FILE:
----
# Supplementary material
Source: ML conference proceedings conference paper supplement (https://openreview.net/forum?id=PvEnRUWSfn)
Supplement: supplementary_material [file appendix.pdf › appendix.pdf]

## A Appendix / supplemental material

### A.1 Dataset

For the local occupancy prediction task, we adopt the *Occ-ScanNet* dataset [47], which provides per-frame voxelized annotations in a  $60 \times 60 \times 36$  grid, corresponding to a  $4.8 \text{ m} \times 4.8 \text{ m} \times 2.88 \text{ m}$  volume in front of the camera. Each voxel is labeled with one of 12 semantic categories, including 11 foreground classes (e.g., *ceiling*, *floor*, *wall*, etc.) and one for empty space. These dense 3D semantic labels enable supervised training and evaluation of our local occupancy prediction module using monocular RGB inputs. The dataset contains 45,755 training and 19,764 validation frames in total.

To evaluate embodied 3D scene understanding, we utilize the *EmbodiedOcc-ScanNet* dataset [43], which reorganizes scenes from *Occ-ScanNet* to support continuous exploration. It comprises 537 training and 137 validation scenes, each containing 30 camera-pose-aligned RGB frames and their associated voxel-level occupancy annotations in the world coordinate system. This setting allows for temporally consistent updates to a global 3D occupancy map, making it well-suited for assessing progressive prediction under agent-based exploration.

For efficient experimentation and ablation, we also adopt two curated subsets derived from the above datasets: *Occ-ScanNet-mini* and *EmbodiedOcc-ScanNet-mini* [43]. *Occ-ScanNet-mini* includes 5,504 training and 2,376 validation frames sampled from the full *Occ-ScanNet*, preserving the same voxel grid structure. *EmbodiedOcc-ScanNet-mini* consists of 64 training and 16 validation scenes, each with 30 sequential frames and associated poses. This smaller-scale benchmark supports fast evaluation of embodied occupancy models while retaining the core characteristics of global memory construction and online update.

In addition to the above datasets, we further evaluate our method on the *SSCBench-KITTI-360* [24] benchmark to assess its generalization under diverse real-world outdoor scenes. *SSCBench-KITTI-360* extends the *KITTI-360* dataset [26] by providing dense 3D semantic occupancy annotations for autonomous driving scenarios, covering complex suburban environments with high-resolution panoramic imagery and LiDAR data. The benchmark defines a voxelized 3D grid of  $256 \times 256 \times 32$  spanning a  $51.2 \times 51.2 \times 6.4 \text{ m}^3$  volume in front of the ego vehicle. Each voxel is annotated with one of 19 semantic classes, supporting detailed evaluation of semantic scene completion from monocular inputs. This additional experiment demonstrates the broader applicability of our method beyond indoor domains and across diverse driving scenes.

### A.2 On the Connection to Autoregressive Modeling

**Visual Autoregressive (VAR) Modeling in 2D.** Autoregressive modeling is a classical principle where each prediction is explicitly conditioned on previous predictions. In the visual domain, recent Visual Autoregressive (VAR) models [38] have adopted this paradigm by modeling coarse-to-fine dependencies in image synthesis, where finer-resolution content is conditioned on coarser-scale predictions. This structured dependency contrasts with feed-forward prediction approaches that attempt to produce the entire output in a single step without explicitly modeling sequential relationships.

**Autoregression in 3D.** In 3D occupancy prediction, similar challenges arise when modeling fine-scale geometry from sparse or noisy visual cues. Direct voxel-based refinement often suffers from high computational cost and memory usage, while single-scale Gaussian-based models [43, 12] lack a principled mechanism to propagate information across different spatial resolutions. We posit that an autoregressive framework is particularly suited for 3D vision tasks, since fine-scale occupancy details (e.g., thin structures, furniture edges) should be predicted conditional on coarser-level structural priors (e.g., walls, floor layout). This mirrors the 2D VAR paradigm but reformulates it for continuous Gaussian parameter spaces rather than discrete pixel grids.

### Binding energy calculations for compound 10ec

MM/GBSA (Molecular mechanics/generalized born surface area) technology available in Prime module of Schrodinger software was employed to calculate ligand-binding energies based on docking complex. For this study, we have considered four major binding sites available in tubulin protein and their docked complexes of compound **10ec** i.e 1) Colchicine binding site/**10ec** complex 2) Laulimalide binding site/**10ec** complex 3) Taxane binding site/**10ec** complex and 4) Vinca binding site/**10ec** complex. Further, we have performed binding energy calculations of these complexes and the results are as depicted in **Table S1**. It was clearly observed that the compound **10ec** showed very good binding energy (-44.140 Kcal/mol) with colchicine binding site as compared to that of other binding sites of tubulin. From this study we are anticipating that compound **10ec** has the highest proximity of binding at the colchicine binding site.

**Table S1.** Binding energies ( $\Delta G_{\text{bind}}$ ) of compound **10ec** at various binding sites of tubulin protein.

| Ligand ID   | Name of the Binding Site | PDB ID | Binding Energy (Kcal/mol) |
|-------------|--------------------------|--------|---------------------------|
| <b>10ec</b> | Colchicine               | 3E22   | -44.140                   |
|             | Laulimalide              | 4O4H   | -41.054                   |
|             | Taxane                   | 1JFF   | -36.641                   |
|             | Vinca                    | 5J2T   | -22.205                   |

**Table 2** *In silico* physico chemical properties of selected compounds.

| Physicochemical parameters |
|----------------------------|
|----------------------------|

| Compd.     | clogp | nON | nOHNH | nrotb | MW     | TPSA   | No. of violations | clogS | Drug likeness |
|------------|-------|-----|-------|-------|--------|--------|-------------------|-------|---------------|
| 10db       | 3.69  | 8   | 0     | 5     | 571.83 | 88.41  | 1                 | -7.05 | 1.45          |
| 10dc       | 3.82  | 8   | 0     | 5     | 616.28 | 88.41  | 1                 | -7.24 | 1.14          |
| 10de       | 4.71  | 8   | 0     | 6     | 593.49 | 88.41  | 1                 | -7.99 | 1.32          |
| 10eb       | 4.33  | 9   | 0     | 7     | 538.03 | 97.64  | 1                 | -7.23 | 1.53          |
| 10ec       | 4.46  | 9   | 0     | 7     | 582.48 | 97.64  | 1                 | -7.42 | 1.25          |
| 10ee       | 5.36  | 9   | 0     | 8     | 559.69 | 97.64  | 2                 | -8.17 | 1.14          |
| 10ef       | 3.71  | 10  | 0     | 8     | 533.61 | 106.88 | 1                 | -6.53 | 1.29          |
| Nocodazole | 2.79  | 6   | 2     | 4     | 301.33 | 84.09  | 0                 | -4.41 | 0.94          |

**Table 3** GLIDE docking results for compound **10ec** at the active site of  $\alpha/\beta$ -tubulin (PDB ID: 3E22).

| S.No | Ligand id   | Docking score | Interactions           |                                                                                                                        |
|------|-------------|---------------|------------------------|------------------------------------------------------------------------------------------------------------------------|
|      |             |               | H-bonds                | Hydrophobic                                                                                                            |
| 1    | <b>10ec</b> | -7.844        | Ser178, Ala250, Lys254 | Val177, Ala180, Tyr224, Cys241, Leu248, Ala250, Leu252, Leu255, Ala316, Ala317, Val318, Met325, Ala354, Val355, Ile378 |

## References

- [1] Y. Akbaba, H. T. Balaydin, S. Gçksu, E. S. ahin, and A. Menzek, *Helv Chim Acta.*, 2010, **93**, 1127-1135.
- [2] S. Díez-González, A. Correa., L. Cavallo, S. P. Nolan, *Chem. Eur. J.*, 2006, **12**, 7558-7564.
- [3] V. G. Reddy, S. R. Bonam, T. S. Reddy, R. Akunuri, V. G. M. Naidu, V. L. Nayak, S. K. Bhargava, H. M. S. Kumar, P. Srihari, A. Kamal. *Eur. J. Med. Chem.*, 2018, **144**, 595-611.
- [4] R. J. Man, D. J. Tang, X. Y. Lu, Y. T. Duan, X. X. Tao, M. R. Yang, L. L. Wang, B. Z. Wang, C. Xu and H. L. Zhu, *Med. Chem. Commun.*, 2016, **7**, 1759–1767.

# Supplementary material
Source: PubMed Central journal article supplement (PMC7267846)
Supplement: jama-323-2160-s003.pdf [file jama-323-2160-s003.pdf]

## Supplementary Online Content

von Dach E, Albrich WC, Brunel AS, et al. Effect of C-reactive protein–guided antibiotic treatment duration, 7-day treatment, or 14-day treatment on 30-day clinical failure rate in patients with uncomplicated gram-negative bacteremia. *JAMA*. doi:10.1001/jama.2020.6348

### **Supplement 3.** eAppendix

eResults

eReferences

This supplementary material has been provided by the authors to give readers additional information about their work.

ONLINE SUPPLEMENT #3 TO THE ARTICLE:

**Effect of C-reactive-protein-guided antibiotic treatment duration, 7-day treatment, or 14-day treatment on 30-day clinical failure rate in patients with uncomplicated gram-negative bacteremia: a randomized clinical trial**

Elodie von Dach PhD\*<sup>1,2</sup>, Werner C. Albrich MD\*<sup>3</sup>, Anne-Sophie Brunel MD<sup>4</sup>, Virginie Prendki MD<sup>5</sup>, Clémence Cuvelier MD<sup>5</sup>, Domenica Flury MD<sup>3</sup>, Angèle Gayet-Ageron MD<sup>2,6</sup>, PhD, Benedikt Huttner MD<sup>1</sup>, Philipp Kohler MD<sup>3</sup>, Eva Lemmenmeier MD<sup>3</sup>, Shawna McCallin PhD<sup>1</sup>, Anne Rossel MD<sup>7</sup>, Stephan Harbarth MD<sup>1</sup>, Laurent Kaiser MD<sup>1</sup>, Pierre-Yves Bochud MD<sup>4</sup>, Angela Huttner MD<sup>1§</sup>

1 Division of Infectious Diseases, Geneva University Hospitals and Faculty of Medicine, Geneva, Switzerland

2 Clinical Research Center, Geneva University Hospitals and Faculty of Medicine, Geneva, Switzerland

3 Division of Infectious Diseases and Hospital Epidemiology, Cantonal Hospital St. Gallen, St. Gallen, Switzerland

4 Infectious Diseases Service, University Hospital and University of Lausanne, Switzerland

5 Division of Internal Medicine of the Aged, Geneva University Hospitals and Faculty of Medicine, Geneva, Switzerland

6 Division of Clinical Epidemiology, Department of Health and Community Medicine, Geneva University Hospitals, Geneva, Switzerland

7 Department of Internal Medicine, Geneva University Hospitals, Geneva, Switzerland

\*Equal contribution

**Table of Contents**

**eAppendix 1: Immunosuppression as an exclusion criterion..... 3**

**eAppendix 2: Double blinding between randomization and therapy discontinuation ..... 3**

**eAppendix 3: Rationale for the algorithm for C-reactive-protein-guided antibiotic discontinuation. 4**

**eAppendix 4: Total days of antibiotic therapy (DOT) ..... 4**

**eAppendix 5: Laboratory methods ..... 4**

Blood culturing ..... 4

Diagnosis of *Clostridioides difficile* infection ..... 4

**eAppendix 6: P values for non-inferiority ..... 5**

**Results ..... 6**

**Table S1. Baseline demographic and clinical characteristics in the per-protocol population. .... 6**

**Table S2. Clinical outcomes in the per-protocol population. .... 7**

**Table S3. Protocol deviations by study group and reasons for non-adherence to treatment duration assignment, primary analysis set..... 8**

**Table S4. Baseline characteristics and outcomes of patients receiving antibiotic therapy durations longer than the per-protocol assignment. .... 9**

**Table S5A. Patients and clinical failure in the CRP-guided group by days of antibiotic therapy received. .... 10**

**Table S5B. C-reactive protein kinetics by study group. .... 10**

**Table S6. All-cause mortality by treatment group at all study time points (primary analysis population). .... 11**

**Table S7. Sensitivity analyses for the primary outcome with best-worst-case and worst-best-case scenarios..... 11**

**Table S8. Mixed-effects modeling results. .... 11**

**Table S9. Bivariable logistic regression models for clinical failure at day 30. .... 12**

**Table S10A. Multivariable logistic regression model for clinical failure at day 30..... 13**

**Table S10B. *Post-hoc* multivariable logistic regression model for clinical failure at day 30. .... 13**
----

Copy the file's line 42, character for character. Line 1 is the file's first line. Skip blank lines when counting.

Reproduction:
- [1] Y. Akbaba, H. T. Balaydin, S. Gçksu, E. S. ahin, and A. Menzek, *Helv Chim Acta.*, 2010, **93**, 1127-1135.